|Date:||October 11, (Fri.) 2019 16:00~17:00|
|Room:||Seminar Room, 1st floor, Bldg. #2 of Institute for Frontier Life and Medical Sciences ,Kyoto University|
|Speaker:||Dr. Vincent Keng
Department of Applied Biology and Chemical Technology
The Hong Kong Polytechnic University
|Title:||Using transposable elements to manipulate
the genome for cancer research
The war on cancer has been going on for many decades and in general, its research has progressed tremendously and many important genes that promote tumorigenesis have been identified. However, it is becoming increasingly clear that cancer is a very heterogenous disease. In order to have a more focused and effective means of treating cancer, greater research is required to further study these genes at the genetic level on how they work and influence each other in promoting the disease.
To help address these challenges, transposable elements or jumping genes are used as a genetic investigative tool in the mouse genome in both a forward and reverse genetic manner, to recapitulate human diseases. In addition, these genetic tools are currently being used in human cell lines for more translational applications. We have used an oncogenic transposon vector to randomly mutate the mouse hepatic genome to induce cancer and metastasis. By analyzing the transposon insertion sites, we have identified many novel and interesting candidate genes. We are currently validating these candidate genes in vitro and in vivo using these transposons in a reverse genetic manner. Importantly, new genetic tools such as the CRISPR/Cas9 system can also be incorporated with these transposable elements for cancer research.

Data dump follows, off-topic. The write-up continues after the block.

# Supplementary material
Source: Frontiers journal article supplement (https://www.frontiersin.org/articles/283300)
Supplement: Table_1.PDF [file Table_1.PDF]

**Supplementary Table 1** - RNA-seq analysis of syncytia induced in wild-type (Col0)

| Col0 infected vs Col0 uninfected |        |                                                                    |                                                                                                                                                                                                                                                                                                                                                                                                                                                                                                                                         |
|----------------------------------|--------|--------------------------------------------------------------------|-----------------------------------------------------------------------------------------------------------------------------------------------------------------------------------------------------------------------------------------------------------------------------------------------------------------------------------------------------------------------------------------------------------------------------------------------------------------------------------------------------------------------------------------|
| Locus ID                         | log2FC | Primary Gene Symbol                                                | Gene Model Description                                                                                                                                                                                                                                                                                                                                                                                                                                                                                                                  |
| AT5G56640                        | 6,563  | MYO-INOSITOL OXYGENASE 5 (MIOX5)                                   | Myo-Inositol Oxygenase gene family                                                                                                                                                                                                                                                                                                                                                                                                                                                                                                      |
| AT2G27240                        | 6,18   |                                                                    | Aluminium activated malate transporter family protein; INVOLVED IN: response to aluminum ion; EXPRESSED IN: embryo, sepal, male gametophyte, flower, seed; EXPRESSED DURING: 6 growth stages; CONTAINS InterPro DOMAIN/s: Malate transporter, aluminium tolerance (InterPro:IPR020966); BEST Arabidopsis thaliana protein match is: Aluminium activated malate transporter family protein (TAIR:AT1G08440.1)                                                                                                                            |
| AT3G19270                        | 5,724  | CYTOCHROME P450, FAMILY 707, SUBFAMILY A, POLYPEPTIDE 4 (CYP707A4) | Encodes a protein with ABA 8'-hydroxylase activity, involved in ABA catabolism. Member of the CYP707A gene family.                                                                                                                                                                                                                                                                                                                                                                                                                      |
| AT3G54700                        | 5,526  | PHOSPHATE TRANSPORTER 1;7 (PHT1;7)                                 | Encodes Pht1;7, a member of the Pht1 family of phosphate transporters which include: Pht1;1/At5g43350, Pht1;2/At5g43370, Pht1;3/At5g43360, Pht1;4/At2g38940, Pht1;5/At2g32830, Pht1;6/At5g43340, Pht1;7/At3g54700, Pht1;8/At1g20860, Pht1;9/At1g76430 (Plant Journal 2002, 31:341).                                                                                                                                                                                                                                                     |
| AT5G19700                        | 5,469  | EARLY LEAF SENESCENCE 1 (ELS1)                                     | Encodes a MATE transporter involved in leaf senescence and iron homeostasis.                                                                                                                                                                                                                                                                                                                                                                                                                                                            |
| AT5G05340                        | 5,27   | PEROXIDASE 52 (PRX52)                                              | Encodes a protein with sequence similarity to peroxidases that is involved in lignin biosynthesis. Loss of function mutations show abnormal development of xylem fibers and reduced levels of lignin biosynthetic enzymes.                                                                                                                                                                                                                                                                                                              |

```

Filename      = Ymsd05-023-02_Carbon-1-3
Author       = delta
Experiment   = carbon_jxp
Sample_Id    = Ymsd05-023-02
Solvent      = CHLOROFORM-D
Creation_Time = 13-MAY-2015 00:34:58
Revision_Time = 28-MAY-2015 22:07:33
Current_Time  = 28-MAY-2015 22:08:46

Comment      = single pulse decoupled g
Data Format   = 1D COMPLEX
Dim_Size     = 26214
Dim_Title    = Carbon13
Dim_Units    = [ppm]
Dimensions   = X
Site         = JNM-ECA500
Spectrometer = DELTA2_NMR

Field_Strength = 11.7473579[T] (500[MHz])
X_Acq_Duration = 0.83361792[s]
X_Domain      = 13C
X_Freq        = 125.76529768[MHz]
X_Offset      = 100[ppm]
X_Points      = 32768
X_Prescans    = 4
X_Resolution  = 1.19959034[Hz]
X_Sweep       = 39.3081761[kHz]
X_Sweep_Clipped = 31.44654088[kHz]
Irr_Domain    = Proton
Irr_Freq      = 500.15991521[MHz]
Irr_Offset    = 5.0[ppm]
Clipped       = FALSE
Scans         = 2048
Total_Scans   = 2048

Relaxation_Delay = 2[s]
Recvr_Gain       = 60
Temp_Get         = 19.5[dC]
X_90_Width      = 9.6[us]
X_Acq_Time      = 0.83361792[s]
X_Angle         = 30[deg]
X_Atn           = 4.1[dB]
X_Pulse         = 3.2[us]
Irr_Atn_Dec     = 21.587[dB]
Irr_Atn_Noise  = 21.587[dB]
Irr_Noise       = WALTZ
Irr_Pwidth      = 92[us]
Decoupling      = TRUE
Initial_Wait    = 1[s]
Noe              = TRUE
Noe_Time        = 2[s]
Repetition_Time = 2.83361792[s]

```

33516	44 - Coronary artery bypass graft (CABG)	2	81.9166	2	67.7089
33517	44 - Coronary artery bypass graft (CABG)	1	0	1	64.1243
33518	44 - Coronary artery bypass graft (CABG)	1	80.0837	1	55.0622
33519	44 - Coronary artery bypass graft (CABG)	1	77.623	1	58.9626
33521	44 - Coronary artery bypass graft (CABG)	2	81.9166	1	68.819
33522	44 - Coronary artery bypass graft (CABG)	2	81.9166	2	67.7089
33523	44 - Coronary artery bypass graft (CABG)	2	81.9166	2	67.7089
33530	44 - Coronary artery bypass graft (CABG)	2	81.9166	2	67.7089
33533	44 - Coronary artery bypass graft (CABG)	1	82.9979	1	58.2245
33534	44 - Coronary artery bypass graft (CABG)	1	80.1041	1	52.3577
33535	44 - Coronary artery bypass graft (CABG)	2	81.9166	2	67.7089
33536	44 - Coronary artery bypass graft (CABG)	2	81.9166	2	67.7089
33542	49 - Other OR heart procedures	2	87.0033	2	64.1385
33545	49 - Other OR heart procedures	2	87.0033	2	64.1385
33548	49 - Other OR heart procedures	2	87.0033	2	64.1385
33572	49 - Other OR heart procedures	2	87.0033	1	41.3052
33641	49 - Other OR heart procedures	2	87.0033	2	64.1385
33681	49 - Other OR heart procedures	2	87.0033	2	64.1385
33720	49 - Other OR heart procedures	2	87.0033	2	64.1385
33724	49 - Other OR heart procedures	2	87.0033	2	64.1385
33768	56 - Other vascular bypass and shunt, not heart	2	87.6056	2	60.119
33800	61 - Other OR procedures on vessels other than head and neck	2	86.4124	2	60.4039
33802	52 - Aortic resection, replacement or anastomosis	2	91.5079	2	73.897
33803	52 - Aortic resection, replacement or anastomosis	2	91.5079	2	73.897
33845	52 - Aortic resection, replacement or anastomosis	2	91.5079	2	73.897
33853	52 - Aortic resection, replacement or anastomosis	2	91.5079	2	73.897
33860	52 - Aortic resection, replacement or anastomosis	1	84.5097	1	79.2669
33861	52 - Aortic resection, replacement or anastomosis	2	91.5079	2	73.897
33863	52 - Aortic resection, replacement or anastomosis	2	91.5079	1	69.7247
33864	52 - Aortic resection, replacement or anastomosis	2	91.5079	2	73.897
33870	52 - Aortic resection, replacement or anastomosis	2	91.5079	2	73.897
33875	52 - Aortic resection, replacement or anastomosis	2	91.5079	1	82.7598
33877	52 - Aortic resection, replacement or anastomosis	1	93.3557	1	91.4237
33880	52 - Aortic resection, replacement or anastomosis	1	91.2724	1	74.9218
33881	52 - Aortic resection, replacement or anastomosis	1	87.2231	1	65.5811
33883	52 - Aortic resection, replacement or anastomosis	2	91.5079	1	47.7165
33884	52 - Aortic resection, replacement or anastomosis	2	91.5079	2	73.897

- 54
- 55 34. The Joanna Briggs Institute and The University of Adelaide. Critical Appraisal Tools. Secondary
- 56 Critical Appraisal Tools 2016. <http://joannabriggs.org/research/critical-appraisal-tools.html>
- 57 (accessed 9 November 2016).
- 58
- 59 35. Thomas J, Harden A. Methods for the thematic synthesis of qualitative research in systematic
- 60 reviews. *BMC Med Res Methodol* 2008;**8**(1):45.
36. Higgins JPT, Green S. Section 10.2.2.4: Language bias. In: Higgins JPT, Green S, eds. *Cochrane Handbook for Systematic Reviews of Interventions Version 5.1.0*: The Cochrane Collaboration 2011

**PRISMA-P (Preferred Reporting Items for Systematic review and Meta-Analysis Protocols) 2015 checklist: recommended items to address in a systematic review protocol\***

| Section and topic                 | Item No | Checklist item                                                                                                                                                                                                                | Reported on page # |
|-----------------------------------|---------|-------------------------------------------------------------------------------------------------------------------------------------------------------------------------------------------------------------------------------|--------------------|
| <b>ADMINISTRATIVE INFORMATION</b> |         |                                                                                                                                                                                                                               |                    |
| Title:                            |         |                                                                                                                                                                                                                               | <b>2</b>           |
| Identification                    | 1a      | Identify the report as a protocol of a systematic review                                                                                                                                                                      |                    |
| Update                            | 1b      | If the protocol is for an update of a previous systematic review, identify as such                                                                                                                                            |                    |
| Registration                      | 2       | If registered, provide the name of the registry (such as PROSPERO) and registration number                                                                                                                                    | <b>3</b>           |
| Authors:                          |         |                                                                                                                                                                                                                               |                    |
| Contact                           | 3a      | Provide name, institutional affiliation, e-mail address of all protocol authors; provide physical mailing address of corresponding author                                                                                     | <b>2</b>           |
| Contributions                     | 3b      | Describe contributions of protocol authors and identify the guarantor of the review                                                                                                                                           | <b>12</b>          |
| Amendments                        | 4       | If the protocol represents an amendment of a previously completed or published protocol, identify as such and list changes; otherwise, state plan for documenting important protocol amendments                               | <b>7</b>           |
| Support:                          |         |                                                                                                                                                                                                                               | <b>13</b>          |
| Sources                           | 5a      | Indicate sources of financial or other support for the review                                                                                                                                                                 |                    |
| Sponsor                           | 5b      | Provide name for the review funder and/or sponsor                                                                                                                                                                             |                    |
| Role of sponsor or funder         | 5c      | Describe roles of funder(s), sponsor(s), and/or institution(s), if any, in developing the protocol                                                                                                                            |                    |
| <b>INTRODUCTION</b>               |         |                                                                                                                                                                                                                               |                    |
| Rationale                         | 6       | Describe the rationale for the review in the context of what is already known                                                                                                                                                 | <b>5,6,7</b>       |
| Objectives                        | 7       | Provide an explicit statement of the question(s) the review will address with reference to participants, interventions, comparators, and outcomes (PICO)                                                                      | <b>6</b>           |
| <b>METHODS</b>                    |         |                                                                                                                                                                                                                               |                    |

In this seminar, I would like to present a snapshot of what is currently being addressed in our laboratory in the context of the liver cancer research, both basic science and translational aspects. Several important liver cancer research areas of interest to us include: hepatitis viral induction, fatty-liver or steatosis, metastasis and drug resistance.
Biography: Dr. Keng completed his PhD at Fukui Medical University in 2001. He then conducted postdoctoral researches at Osaka University and University of Minnesota, where he developed and applied the Sleeping Beauty transposon system for in vivo cancer gene discovery. He was appointed as an assistant professor at the Hong Kong Polytech University in 2012, and recently promoted to associate professor. His main research focus is to understand the molecular basis in liver cancer.
＊This is an English seminar.
|Invitator||Lab. of Stem Cell Genetics|
|Kosuke Yusa Tel 075 -751-4005|